Actually, no, the V8s were a bit pants. Now the V10s which preceded them, those were the real deal.
Taking this flawed logic to extreme, the ultimate in Formula One car technology might well be this: the only car to win a round of the world championship using a 16-cylinder engine.
Strange, you might think, to dedicate an entry to a car which only appeared in five Grands Prix.
Unusual too, that what makes this Lotus particularly interesting is not some technical wizardry pioneered by Colin Chapman, but its engine.
The Lotus 43 was the car that gave BRM’s unorthodox Type 75 H16 engine its only Grand Prix victory, in Jim Clark’s hands in the 1966 United States Grand Prix.
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BRM’s notionally simple solution was to bolt together the cylinder banks from two of its successful 1.5-litre V8 engines in an H-pattern to create a single 3-litre unit. The engine, designed by Tony Rudd, was raced by their factory team using its P83 chassis in 1966, and was also supplied to Lotus.
The Lotus 43 was based on the 38 which Clark had used to win the Indianapolis 500 the year before. The front portion of the car was much the same, behind which the H16 was bolted directly to the chassis and the rear suspension fixed to the engine.
This was an early example of an engine being used as a stressed member in an F1 car. It pre-dated the use of the engine this way in Colin Chapman’s Lotus 49, which is often credited with being the car which pioneered this approach with its Cosworth DFV engine*.
The enormous dimensions of the H16 practically forced Lotus 43 designer Maurice Philippe incorporate it as part of the chassis.
With two pairs of engine banks stacked on top of each other, the lower banks requiring exhausts that exited beneath them, the engine was cursed with an unappealling combination of high weight, a poor power-to-weight ratio, and a high centre of gravity.
Taken together the engine, gearbox and clutch tipped the scales at a whopping 305kg. This was the antithesis of the Chapman mantra: ‘simplify and add lightness’.
It did, however, produce one of the most dramatic and distinctive engine notes ever to wail from the back of an F1 car.
BRM and Lotus struggled with dire unreliability to begin with in 1966. So much so that the engine was not seen for a few races mid-season while work was done to improve the transmission.
At its return Clark showed a flash of promise in the Italian Grand Prix, running quickly when all 16 cylinders were firing properly, until the gearbox died ten laps from home.
At Watkins Glen the car ran well in practice and Clark took second on the grid. But his engine failed late in practice, prompting BRM to give Lotus their spare. The work to reattach engine to car went on up until the final moments before the start was given. Meanwhile Clark prepared to jump into the team’s spare car, with its Coventry-Climax two-litre V8, if the work wasn’t finished.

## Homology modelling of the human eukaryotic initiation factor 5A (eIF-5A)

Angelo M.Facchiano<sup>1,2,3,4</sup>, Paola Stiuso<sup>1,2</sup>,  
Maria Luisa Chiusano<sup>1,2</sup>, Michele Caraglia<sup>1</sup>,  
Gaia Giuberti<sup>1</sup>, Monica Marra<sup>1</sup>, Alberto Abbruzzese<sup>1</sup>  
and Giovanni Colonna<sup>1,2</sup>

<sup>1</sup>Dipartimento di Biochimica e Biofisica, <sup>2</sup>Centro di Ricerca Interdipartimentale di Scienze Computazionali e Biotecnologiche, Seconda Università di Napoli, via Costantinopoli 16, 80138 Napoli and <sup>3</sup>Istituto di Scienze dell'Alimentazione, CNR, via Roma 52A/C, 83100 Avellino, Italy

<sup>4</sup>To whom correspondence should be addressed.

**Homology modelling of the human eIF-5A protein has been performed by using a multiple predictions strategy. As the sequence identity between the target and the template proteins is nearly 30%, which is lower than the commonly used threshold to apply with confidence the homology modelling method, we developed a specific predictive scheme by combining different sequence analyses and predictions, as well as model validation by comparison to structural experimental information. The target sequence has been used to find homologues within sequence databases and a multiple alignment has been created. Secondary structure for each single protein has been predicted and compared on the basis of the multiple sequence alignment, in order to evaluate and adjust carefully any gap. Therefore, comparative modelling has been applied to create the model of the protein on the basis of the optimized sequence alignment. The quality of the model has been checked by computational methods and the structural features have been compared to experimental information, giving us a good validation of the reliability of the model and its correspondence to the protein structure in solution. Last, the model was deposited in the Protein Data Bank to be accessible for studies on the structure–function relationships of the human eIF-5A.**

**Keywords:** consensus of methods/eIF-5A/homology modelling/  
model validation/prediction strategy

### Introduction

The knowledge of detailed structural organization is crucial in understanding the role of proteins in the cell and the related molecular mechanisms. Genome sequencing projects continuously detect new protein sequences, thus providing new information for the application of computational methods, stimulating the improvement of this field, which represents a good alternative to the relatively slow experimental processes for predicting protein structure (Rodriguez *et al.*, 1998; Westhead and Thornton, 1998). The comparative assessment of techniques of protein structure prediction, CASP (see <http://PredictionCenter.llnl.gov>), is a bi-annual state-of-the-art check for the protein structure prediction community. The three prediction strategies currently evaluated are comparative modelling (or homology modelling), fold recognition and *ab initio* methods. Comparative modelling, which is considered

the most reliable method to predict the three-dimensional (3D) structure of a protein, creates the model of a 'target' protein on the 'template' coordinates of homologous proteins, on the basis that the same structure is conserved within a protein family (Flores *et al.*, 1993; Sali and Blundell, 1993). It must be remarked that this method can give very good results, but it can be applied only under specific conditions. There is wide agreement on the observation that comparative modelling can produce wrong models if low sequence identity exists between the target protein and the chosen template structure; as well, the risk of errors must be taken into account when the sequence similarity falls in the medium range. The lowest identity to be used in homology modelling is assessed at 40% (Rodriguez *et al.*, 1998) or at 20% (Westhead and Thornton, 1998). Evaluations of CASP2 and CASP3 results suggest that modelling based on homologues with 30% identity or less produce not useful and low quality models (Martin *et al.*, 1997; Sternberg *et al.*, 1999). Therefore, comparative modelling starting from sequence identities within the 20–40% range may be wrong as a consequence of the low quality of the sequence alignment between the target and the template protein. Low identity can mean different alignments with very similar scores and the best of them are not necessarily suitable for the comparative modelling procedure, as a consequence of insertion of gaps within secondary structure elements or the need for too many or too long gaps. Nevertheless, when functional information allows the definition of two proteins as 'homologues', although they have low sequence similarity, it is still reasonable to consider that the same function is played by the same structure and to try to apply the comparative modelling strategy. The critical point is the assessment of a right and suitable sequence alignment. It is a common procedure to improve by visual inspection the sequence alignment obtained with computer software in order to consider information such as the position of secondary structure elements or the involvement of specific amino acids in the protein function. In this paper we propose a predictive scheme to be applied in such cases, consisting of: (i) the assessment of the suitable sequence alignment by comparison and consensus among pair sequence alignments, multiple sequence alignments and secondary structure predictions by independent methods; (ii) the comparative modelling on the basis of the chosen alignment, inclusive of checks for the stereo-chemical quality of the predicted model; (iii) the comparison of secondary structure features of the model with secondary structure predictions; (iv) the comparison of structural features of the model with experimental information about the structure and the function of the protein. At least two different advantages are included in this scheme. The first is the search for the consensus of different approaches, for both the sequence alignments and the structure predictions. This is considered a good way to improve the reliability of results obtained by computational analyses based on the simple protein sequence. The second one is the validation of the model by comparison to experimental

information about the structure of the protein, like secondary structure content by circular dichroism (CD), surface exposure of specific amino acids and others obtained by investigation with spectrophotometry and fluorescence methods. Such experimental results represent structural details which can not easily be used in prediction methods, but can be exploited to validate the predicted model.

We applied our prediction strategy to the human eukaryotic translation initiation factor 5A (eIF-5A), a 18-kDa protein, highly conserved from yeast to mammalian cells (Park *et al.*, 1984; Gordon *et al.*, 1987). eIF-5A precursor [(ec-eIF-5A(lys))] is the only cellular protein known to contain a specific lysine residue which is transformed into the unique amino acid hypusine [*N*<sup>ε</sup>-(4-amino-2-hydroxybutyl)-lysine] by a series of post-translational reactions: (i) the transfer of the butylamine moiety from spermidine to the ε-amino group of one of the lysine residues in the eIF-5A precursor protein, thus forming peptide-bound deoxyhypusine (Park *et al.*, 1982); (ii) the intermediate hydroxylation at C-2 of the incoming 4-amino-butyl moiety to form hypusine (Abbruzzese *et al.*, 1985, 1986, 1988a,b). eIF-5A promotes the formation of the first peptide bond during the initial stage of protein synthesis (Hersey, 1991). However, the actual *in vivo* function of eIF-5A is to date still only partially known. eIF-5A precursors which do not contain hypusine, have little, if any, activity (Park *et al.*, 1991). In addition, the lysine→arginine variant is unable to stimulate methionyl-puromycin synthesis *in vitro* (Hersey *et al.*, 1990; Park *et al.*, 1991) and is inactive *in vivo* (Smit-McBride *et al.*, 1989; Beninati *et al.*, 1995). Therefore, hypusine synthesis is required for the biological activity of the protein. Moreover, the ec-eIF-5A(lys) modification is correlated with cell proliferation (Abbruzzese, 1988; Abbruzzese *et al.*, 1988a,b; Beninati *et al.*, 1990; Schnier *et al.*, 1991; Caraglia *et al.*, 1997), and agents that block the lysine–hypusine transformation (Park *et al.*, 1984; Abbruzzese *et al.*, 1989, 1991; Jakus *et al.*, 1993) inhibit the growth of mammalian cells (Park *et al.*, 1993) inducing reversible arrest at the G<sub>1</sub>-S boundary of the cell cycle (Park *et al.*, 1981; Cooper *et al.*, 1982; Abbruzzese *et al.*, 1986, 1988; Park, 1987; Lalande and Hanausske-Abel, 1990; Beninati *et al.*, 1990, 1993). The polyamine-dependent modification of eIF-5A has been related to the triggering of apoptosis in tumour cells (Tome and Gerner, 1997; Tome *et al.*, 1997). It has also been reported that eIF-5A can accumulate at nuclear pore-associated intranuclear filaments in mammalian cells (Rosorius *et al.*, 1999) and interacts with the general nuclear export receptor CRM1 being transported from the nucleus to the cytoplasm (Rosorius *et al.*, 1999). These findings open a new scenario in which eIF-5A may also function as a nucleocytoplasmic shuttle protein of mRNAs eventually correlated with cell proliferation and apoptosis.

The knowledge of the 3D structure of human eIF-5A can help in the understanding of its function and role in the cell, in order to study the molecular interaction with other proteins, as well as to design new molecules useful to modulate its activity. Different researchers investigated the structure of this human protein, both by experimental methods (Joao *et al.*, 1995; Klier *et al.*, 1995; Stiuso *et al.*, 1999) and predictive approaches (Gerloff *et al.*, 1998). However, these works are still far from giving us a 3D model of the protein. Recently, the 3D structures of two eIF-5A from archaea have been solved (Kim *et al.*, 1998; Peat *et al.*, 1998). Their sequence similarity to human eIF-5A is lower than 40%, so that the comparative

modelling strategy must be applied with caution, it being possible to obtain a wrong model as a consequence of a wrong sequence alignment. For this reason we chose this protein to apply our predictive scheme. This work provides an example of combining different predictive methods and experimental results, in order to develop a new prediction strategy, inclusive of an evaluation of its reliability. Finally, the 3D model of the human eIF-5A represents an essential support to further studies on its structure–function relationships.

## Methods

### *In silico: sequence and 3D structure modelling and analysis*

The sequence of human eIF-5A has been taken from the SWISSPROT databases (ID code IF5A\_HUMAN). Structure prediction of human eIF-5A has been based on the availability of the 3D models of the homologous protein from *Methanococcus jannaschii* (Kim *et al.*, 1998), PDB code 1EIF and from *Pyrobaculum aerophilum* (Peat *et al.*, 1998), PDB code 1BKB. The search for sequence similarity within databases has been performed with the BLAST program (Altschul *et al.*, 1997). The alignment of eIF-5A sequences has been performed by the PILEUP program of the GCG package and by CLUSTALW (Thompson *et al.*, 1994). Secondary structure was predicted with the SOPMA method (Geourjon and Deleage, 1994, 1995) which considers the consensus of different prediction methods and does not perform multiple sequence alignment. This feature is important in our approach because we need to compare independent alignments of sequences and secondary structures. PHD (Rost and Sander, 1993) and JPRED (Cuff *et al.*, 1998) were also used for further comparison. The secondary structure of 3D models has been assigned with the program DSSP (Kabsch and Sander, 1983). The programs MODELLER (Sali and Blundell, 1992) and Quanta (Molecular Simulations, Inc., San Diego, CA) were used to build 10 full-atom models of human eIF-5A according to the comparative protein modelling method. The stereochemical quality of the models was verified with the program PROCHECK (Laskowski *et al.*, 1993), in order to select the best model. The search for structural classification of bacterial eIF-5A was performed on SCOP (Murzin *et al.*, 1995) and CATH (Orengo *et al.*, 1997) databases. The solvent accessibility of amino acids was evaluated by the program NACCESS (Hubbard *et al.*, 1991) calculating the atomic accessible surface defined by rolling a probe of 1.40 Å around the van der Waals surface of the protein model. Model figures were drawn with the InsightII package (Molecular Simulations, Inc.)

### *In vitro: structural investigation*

John Surtees tangled with Peter Arudell while lapping the Lotus driver. Next Lorenzo Bandini’s Ferrari and Jack Brabham, driving his own car, suffered engine trouble.
That promoted Clark into the lead. Against expectations, the glorious cacophony from his 16 cylinders never faded, and after 108 laps he crossed the line to score a historic win.
This was the one and only time Lotus’s H16-engined car finished a race. It appeared twice more: in the season finale in Mexico, and at the first race of 1967 in South Africa. After that it was replaced by a car and engine with half as many cylinders which enjoyed vastly more success: the Lotus 49 with its Ford-Cosworth DFV V8.
The best BRM managed to do with their own engine was second place for Jackie Stewart at Spa later that year.
Though it had become a race-winner, BRM’s H16 engine was not the future of F1 engine power. But the 16-cylinder monster deserves its place in F1 history as a tremendous and idiosyncratic creation, though one that probably would never have won a race without the genius and mechanical sympathy of Clark.
Pictures: Lotus 43-BRM H16 at the 2015 Goodwood Festival of Speed
*There were other, earlier F1 cars which also used the engine in this way, not least BRM’s P83 mentioned above.
According to automotive historian Karl Ludvigsen (in his books Colin Chapman: Inside the Innovator and Ferrari: 60 Years of Technological Innovation), the first team to do this in F1 were Ferrari, with their 158 V8 which made its debut in 1964, with which Ferrari won the constructors’ championship.
Ferrari developed the concept after seeing how Vittorio Jano’s Lancia D50 incorporated the engine as a partly-stressed member, when they took over the cars and raced them from 1955.
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